Racial Equity



Sustainability Watch

The City of Pittsburgh and region have made important strides toward a future built around a sustainable economy, environmental stewardship and social equity and justice. But lingering shortcomings ranging from air pollution to racial and income equity underscore the work that lies ahead. This is one of a series of briefs that examine regional indicators of sustainability.


The racial and ethnic demographics of southwestern Pennsylvania are changing, just as they are across the nation. The share of the population held by African American, Asian, Hispanic and other minority residents has increased since 2000 and continues to do so.

But racial and ethnic minorities accounted for less than 14 percent of the population in the seven-county Pittsburgh Metropolitan Statistical Area in 2015, which is the smallest share among the 15 Pittsburgh Today benchmark regions.

And their representation among homeowners, the region’s workforce and across other key social and economic indicators is even lower.

Housing, jobs and income

Wide gaps in homeownership and income have historically been seen when race and ethnicity is considered and little has changed in recent years. screen-shot-2016-12-28-at-8-52-28-pm

For example, only 5.8 percent of the more than 697,000 homeowners in the Pittsburgh MSA were African American, Asian, Hispanic in 2010, when they represented 12.9 percent of the region’s population, U.S. Census Bureau data suggest. And Asian residents were the only minority population with an average annual household income greater that white residents.

Three years later, racial and ethnic minorities held 11 percent of the jobs in the regional workforce while they represented 13.6 percent of the population.

The Pittsburgh Regional Quality of Life Survey also suggests there are stark racial differences among residents who are facing financial hardship. For example, nearly 18 percent of African Americans report they often or always have trouble paying for basic necessities – more than twice the rate reported by non-African American residents, according to the survey by the University of Pittsburgh University Center for Social and Urban Research.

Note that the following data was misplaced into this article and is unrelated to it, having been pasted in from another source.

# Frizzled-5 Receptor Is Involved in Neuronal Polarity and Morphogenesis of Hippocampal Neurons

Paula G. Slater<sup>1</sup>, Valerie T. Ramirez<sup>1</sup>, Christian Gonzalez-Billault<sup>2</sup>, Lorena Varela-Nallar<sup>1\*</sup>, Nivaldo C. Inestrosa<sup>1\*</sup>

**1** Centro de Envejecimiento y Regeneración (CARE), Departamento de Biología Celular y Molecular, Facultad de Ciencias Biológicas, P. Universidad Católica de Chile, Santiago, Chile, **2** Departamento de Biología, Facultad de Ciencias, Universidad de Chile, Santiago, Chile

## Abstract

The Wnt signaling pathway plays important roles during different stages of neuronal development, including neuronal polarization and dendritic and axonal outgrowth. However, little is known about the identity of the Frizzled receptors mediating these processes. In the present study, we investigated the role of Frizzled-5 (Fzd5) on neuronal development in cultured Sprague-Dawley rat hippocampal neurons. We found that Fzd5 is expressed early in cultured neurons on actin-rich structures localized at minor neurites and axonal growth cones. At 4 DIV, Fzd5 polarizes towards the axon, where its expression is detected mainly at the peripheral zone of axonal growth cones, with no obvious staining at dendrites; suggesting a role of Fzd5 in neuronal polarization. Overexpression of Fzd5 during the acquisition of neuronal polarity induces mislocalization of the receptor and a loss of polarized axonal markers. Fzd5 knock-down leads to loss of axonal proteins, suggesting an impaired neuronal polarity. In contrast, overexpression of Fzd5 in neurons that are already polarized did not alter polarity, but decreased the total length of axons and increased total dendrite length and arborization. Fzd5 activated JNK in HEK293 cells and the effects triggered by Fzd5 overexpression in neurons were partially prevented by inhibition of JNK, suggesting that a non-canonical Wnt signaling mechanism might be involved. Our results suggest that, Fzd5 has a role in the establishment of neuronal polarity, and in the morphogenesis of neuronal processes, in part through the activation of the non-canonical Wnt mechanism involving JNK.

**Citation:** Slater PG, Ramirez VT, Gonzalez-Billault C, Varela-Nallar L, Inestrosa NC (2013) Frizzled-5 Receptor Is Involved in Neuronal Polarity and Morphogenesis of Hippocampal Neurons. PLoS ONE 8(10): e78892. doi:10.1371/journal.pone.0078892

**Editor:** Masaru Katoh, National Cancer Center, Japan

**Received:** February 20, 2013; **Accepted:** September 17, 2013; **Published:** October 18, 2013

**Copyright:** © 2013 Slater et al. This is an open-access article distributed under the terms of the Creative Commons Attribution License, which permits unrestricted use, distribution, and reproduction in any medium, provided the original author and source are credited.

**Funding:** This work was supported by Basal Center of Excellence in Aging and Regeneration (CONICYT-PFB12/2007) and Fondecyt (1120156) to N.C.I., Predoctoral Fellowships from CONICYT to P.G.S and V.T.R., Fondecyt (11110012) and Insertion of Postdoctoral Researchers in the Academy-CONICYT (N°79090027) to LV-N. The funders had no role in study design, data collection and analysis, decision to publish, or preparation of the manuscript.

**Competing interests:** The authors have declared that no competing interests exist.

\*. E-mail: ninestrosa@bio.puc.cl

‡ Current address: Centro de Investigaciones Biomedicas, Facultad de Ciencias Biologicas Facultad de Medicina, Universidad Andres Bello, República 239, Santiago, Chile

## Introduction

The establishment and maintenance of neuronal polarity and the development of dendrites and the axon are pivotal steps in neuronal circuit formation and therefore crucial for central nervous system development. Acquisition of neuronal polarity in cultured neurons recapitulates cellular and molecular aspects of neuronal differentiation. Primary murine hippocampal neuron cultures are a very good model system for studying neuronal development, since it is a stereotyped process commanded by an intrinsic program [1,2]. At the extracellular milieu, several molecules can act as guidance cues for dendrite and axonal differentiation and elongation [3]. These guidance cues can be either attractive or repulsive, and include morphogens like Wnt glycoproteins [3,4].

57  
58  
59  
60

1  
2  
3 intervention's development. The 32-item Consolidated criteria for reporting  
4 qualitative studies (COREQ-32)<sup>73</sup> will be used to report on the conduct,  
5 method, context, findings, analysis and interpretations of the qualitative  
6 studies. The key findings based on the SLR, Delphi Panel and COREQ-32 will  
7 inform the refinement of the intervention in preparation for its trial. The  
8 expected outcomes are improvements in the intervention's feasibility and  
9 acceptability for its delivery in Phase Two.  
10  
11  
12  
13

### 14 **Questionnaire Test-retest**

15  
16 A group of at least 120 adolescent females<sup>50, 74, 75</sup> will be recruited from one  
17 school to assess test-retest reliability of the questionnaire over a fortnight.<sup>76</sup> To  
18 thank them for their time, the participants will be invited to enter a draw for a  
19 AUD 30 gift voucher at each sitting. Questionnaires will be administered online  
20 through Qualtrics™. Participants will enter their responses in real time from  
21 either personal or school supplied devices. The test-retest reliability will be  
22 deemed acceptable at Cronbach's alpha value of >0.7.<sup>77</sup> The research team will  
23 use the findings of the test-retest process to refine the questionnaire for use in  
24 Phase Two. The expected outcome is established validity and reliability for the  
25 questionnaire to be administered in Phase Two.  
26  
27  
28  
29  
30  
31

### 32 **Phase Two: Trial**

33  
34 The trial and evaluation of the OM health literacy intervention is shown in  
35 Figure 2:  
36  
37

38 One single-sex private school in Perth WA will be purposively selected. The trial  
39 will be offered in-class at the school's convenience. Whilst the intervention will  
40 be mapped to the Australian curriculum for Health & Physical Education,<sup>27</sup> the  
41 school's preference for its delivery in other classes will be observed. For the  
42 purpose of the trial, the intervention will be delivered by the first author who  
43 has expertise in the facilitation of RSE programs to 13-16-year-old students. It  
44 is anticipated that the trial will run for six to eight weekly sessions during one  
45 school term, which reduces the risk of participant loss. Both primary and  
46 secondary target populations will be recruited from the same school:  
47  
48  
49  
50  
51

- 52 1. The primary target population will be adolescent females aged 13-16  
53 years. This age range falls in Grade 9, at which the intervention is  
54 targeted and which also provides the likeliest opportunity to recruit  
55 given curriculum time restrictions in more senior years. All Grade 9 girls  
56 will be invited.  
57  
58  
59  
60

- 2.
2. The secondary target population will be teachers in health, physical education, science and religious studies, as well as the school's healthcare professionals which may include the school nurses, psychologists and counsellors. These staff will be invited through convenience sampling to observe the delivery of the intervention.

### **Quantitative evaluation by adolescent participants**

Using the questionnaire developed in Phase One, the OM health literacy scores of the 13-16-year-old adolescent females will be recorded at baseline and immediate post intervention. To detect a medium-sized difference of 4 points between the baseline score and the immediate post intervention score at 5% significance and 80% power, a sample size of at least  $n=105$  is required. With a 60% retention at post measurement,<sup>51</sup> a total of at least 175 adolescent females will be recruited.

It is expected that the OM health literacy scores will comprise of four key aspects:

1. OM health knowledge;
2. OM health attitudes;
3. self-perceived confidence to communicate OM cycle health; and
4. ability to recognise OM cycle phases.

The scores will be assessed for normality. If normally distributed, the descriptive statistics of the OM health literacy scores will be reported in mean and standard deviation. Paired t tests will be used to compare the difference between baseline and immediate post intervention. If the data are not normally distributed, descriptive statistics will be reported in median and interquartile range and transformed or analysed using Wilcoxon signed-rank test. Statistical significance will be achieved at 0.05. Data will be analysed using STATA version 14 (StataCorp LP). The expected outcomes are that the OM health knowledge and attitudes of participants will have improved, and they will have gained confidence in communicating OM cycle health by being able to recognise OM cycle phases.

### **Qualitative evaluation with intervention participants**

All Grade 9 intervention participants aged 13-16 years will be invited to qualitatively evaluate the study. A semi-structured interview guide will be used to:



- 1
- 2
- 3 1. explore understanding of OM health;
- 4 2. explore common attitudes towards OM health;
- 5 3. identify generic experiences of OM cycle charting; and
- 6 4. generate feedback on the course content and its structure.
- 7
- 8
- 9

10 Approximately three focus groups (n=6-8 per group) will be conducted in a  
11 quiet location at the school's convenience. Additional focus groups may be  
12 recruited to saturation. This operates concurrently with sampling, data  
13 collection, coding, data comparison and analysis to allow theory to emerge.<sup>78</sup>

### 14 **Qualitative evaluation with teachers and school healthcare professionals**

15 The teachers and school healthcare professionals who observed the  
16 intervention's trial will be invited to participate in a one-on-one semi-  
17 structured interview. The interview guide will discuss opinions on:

Differences among minorities

Broad comparisons of white and minority residents across indicators tend to obscure differences among the minority groups themselves.

Asian residents, for example, had a median annual household income of about $57,000 in 2010, the highest of any racial or ethnic group in the Pittsburgh MSA, including white residents. And although they represented only 1.7 percent of the population, they accounted for almost 4 percent of residents in the region with a bachelor’s degree.

African Americans are clearly the most vulnerable to inequities across social and economic indicators. In 2010, they represented 8.3 percent of the Pittsburgh MSA population, but accounted for an estimated 4.2 percent of the region’s homeowners. And at about $25,826, their median annual household income was the lowest of any racial or ethnic group in the region.

This brief is a summary of a more detailed analysis published in the 2016 Sustainable Pittsburgh Southwestern Pennsylvania Sustainability Goals and Indicators Report.